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New Treatments for Veterinary Orthopedic Conditions


       So let’s say your beloved pet has developed a limp that just won’t go away and your veterinarian has diagnosed a serious musculoskeletal problem. He or she has outlined treatment options that include conservative measures such as medications, rest, physical therapy, supplements, laser therapy, and acupuncture and warns you that your pet may eventually need surgery. You are wondering: isn’t there anything else that can be done besides surgery that might remedy the problem?  Regenerative medicine might be the option you are looking for. It involves the use of your pet’s own tissue and blood cells to rebuild damaged musculoskeletal tissue and decrease inflammation and pain. Scientific evidence is mounting that this can be an effective treatment for a number of common orthopedic conditions in companion animals and horses. As with all treatments for complex or chronic orthopedic problems, it is important to have a definitive diagnosis first and to employ a  multimodal plan towards resolution of the problem.

       But what is “Regenerative Medicine”? It involves the use of stem cells for the treatment of osteoarthritis, tendon injuries and ligament problems. Stem cells can be harvested from the fat or bone marrow and have the ability to self -renew as well as to develop into multiple types of tissue cells.  For example both bone marrow and fat derived stem cells can generate bone, cartilage, fat and connective tissue. They also can make new blood vessels, reduce inflammation and fibrosis, supply growth factors and slow the natural death cycle of cells. This makes them clinically useful for promoting tissue regeneration in areas that normally heal very slowly such as joints, tendons and ligaments. The harvested stem cells are injected into the problem area along with platelet rich plasma (PRP) which acts as a ‘scaffolding’ for the stem cells as well as providing grow factors and anti-inflammatory proteins called cytokines.  This treatment is often followed up with additional PRP treatments every week. There may be some temporary mild discomfort for a day afterwards that can be controlled with cold compressing and pain medication.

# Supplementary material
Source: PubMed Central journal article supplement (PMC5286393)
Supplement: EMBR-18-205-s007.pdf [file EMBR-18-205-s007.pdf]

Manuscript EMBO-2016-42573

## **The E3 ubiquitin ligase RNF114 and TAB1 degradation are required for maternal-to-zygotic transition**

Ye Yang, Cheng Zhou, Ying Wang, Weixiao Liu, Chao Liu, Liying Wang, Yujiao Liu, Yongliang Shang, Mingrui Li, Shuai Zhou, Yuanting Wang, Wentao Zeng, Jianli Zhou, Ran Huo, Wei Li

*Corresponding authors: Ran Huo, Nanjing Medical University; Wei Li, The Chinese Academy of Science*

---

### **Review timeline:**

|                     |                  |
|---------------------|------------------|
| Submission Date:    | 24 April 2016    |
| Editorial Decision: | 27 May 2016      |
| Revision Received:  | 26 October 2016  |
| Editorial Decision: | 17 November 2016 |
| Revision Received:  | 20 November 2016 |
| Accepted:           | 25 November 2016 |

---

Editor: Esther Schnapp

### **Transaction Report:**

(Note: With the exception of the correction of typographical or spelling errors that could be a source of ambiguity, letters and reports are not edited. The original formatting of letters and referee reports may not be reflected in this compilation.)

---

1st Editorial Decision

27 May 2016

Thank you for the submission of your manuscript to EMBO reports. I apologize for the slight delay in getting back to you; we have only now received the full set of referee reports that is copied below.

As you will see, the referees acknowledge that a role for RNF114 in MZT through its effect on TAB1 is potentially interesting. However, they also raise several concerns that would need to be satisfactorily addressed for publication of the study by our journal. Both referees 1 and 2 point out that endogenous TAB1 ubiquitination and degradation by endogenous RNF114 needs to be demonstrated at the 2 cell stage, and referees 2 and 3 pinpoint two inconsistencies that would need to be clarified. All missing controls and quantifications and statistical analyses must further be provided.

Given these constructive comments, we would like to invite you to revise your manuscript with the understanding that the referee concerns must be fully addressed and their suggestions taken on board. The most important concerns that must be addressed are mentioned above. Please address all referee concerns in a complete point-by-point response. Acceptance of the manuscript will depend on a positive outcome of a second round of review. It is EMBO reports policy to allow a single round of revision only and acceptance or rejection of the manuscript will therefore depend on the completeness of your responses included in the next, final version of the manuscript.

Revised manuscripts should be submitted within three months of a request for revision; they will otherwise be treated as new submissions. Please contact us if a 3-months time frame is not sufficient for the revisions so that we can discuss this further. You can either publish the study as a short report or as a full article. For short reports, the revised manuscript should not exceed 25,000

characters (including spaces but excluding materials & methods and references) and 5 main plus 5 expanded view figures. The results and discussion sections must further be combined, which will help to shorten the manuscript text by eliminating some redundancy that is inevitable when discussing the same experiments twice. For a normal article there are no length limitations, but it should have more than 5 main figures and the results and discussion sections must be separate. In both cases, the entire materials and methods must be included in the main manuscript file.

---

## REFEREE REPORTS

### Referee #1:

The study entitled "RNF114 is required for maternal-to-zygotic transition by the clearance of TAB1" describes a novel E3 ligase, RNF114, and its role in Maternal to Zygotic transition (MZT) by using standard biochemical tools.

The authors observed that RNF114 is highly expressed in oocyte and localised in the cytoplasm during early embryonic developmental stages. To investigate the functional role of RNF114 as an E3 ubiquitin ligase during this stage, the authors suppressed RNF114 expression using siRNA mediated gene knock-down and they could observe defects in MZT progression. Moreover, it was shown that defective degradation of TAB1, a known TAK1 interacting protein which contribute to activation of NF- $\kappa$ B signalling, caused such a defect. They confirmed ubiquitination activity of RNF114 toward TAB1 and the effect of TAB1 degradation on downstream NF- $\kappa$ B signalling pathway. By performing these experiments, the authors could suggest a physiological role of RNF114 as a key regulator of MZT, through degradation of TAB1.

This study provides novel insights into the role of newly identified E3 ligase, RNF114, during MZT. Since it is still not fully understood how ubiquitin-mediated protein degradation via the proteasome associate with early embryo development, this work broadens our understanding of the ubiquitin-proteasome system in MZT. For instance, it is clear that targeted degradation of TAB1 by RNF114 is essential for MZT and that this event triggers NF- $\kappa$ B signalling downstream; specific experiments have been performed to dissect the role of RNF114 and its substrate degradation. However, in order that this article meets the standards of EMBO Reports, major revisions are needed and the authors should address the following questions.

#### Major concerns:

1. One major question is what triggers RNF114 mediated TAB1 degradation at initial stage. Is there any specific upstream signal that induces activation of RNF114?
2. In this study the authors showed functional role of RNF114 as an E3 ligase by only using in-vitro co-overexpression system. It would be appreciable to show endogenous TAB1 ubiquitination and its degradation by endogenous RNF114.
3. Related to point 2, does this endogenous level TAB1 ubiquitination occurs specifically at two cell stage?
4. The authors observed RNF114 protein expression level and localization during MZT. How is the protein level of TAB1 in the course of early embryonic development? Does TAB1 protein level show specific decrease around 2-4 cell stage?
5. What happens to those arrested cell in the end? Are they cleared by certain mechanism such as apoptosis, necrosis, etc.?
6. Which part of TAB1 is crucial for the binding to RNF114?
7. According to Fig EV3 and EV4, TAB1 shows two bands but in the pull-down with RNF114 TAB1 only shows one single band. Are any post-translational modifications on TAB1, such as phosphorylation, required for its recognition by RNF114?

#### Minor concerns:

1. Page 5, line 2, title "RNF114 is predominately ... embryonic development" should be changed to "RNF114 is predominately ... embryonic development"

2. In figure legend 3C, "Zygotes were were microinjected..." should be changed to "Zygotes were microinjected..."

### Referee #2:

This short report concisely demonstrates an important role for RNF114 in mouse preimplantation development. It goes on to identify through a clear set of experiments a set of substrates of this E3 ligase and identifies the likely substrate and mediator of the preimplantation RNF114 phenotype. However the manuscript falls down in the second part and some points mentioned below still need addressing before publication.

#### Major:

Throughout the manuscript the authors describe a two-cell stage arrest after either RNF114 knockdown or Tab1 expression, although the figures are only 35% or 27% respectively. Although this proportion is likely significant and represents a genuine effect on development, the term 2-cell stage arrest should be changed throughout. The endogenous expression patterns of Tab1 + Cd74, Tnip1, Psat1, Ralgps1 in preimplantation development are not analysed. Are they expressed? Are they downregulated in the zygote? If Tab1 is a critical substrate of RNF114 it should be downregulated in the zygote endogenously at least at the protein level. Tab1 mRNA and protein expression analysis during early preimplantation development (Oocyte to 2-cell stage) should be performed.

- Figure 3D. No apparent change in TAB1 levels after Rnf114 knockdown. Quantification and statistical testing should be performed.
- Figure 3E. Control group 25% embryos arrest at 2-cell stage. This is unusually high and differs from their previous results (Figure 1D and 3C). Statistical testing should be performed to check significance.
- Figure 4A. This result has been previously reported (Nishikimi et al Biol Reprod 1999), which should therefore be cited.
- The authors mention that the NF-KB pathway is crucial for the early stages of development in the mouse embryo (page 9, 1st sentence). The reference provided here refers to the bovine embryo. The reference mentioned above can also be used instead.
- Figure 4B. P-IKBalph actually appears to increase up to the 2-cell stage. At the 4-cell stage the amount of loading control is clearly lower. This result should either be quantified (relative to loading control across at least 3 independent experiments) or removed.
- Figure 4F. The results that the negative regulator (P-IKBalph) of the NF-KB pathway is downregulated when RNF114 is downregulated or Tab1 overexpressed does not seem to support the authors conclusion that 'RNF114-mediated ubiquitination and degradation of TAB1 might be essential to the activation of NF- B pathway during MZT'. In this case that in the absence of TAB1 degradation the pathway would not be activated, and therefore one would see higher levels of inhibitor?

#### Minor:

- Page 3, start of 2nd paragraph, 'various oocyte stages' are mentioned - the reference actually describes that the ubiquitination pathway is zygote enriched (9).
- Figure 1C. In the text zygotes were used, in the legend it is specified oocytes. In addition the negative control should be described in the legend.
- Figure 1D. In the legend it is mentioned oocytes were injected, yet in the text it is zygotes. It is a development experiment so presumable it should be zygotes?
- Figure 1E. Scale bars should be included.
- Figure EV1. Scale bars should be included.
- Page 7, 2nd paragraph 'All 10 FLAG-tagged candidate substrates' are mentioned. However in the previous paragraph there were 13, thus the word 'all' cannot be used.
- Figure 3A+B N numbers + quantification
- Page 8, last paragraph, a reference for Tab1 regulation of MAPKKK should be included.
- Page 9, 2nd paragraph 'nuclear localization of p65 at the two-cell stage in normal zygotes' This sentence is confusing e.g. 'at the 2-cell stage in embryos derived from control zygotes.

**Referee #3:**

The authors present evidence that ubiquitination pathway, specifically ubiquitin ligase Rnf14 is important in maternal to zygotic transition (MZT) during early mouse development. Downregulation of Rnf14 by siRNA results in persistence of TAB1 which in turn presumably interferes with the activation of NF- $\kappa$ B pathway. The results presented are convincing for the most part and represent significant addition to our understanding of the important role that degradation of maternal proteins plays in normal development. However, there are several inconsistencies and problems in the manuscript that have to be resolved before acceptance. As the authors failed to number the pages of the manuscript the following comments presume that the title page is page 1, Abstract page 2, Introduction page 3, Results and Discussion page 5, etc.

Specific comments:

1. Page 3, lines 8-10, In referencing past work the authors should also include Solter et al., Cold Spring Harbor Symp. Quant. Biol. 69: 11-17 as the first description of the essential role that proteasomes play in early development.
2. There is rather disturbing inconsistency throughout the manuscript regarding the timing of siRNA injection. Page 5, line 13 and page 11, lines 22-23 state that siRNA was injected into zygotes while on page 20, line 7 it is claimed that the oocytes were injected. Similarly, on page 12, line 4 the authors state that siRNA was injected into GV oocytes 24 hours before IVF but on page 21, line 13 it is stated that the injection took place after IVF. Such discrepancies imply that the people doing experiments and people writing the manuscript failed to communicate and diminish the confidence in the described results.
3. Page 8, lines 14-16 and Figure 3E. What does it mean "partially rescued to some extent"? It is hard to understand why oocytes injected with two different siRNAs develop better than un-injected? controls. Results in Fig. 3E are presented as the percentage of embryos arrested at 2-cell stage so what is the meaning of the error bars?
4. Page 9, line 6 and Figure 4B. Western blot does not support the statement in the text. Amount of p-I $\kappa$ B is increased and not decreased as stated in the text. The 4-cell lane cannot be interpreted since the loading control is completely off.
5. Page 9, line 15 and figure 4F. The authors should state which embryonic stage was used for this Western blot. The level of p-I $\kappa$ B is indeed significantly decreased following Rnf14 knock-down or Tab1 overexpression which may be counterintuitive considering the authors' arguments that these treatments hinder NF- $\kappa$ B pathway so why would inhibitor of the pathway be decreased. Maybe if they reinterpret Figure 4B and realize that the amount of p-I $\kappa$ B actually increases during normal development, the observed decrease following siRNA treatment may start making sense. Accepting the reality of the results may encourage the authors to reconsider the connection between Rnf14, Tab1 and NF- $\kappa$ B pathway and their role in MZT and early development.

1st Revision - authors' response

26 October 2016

Platelet rich plasma is harvested from the pet’s own blood using a special centrifuge. Platelets contain active proteins that initiate and enhance the recruitment, proliferation, and differentiation of cells involved healing. They also decrease the inflammation of osteoarthritis reducing pain and improving joint function.  Therefore, PRP alone can be very successful in treating tendon injuries of the shoulder and hock, ligament injuries of the knee and osteoarthritis of the hip and other joints. Usually two treatments two weeks apart are required. (Sometimes a third treatment is needed depending on the severity of the injury.) As with stem cell treatments, a dedicated rehabilitation program for two to three months following the PRP treatment will accelerate and improve successful outcomes. The use of laser therapy, acupuncture and supplements is also very beneficial.

       Stem Cell and Platelet Rich Plasma Therapy are very new areas of research in human medicine as well as in veterinary medicine and many studies are currently being done. Early results are very promising.  As larger clinical trials document the success of Stem Cell Therapy and PRP, we can expect to see its use become more commonplace in the treatment of certain orthopedic conditions. Please feel free to discuss these options with your veterinarian should your own pet have a limp that just won’t go away! 

Richard L. Godine, DVM is the owner of Ruckersville Animal Hospital & Veterinary Laser Therapy Center. Dr. Godine is a past president of the Virginia Veterinary Medical Association as well as the immediate past president of the North American Association for Laser Therapy.


8301 Seminole Trail, Ruckersville, VA. 22968

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